• India, with the world’s largest wild tiger population, topped in the trafficking of tigers and tiger body parts over 19 years since 2000, a new TRAFFIC analysis from Geneva has revealed. The report titled ‘Skin and Bones Unresolved: An Analysis of Tiger Seizures from 2000-2018’ was the fourth in a series on tiger trade by TRAFFIC, a wildlife trade monitoring network headquartered in the United Kingdom. Apart from tiger skin and bones, live tigers are also traded illegally in a number of cases. India is the country with the highest number of seizure incidents (463, or 40% of all seizures) as well as tigers seized (625). In terms of various body parts seized, India had the highest share among countries for tiger skins (38%), bones (28%) and claws and teeth (42%). The top three countries with the highest number of seizure incidents were India (463 or 40.5% of total seizures) and China (126 or 11.0%), closely followed by Indonesia (119 or 10.5%).
• The study was launched to coincide with discussions around the trade in tigers and other big cat species at the 18th meeting of governments that are parties to the Convention in International Trade in Endangered Species of Wild Fauna and Flora, or CITES. Currently, there are around 3,900 tigers left in the wild, the bulk of them in India.
INDIA LARGEST SO2 EMITTER IN WORLD: GREENPEACE
• India is the world’s largest emitter of anthropogenic sulphur dioxide, which is produced from coal burning, and greatly contributes to air pollution, a study claimed on August 19. According to an analysis of a National Aeronautics and Space Administration (NASA) data released by environmental NGO Greenpeace on August 19, India has more than 15% of all anthropogenic sulphur dioxide (SO2) hotspots in the world detected by the OMI (Ozone Monitoring Instrument) satellite.
• The major SO2 emission hotspots in India are Singrauli in Madhya Pradesh, Neyveli and Chennai in Tamil Nadu, Talcher and Jharsuguda in Odisha, Korba in Chhattisgarh, Kutch in Gujarat, Ramagundam in Telangana and Chandrapur and Koradi in Maharashtra. The vast majority of plants in India lack flue-gas desulfurization technology to reduce their air pollution, according to the analysis. The NASA data also highlights other hotspots across the globe, with the Norilsk smelter complex in Russia being the largest SO2 emission hotspot in the world, followed by Kriel in Mpumalanga province in South Africa and Zagroz in Iran. However, as per country-wise world rankings, India was found at the top position in emitting SO2 as it has the maximum hotspots.
• The report said SO2 emissions are a significant contributor to air pollution. The largest source of SO2 in the atmosphere is the burning of fossil fuels in power plants and other industrial facilities. In December 2015, the Ministry of Environment, Forest and Climate Change had introduced for the first time SO2 emission limits for coal power plants with an initial deadline to retrofit technology to control SO2 emissions from power generation by December 2017. At the request of the Ministry of Power and power plant operators, this was later extended till December 2019 for power plants in Delhi-NCR and till 2022 for some other power plants across the country through a Supreme Court order, the NGO said.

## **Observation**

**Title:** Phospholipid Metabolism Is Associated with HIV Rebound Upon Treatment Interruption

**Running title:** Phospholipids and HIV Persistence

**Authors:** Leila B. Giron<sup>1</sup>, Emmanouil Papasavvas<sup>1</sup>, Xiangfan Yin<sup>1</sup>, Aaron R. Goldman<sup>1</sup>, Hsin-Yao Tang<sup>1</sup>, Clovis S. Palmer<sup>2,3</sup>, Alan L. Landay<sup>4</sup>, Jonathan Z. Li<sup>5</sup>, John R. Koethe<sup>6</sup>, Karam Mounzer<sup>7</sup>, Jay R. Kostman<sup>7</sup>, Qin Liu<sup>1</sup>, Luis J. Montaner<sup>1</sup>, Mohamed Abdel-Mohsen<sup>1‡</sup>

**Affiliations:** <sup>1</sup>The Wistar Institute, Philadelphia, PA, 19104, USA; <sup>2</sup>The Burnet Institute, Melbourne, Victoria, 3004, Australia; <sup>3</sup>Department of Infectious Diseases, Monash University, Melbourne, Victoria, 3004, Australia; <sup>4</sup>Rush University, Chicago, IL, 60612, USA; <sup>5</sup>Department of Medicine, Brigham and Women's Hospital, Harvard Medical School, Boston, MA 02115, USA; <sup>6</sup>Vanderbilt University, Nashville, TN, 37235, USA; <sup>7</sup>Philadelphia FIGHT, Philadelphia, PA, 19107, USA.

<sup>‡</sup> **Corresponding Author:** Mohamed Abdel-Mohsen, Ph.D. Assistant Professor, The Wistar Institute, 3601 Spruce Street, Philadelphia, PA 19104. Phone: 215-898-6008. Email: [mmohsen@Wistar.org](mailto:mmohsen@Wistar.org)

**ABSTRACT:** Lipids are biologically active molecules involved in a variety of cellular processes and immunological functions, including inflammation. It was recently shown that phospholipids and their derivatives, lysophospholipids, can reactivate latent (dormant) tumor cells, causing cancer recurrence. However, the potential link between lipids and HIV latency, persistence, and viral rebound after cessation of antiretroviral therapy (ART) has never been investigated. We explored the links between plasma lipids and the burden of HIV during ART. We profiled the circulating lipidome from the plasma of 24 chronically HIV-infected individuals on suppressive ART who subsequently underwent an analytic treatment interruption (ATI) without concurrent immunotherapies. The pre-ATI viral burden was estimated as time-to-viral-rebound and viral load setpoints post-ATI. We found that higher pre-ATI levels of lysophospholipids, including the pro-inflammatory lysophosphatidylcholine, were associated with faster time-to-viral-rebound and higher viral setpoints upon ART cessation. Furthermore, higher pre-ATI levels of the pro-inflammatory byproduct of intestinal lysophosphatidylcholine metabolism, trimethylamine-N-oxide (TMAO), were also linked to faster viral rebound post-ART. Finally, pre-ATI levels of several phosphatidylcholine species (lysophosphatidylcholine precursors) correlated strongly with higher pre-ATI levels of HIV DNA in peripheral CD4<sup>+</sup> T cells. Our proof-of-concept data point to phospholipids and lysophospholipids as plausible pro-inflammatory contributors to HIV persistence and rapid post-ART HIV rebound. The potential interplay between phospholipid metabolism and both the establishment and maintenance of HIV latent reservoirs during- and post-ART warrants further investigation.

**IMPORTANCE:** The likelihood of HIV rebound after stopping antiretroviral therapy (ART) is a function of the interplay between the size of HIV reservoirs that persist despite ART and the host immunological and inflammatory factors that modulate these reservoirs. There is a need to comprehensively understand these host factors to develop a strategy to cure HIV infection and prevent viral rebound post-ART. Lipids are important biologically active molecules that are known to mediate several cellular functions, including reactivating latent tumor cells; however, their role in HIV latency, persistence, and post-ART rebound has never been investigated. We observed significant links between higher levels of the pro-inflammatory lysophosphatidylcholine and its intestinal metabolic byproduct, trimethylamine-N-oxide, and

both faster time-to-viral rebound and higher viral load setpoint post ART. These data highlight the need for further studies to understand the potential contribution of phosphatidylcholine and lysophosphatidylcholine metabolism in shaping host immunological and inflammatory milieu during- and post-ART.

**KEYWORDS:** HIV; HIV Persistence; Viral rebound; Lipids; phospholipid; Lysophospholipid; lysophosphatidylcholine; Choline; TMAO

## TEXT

• The BASIC countries held its 28thMinisterial meeting on Climate Change from 14th to 16th August in Sao Paulo, Brazil. BASIC countries represent one-third of world’s geographical area and nearly 40% of the world’s population. It is a bloc of four large newly industrialized countries – Brazil, South Africa, India and China – formed by an agreement on 28 November 2009.
• The BASIC countries reiterated their commitment to work together with all parties in an open, transparent, inclusive and Party-driven manner to achieve a balanced and comprehensive outcome on all remaining items of the Paris Agreement Work Programme. The Ministerial meeting was held in the run-up to the UNFCC Conference of Parties (COP-25) meet to be held later in the year from 2nd to 13th December.
DISCOVERY, WWF TIE UP TO PRESERVE SUNDARBANS
• To help save the world’s only mangrove tiger habitat, Discovery India and WWF India have partnered with the Forest Directorate, the government of West Bengal and local communities in the Sundarbans.
• With a vision to create climate-smart villages in the Sundarbans, WWF India and Discovery India are working with government agencies, civil society partners and scientific institutions to build the capacity of village panchayats and local communities to incorporate climate resilience into development planning, thereby helping secure livelihoods, biodiversity and ecosystem services.
• The project will use technology to solve several of the issues faced in the region. This includes building datasets on impacts of climate change on estuarine ecosystem. Through this project, in partnership with the West Bengal Forest Directorate and Indian Institute of Science Education and Research(IISER) Kolkata, two Sundarbans ecological observatories will be set up, each featuring data loggers, monitoring buoys and an onsite laboratory. The project at Sundarbans is part of a global movement, Project CAT (Conserving Acres for Tigers), aimed at building healthy habitats for Tigers by conserving six million acres of protected land across four countries.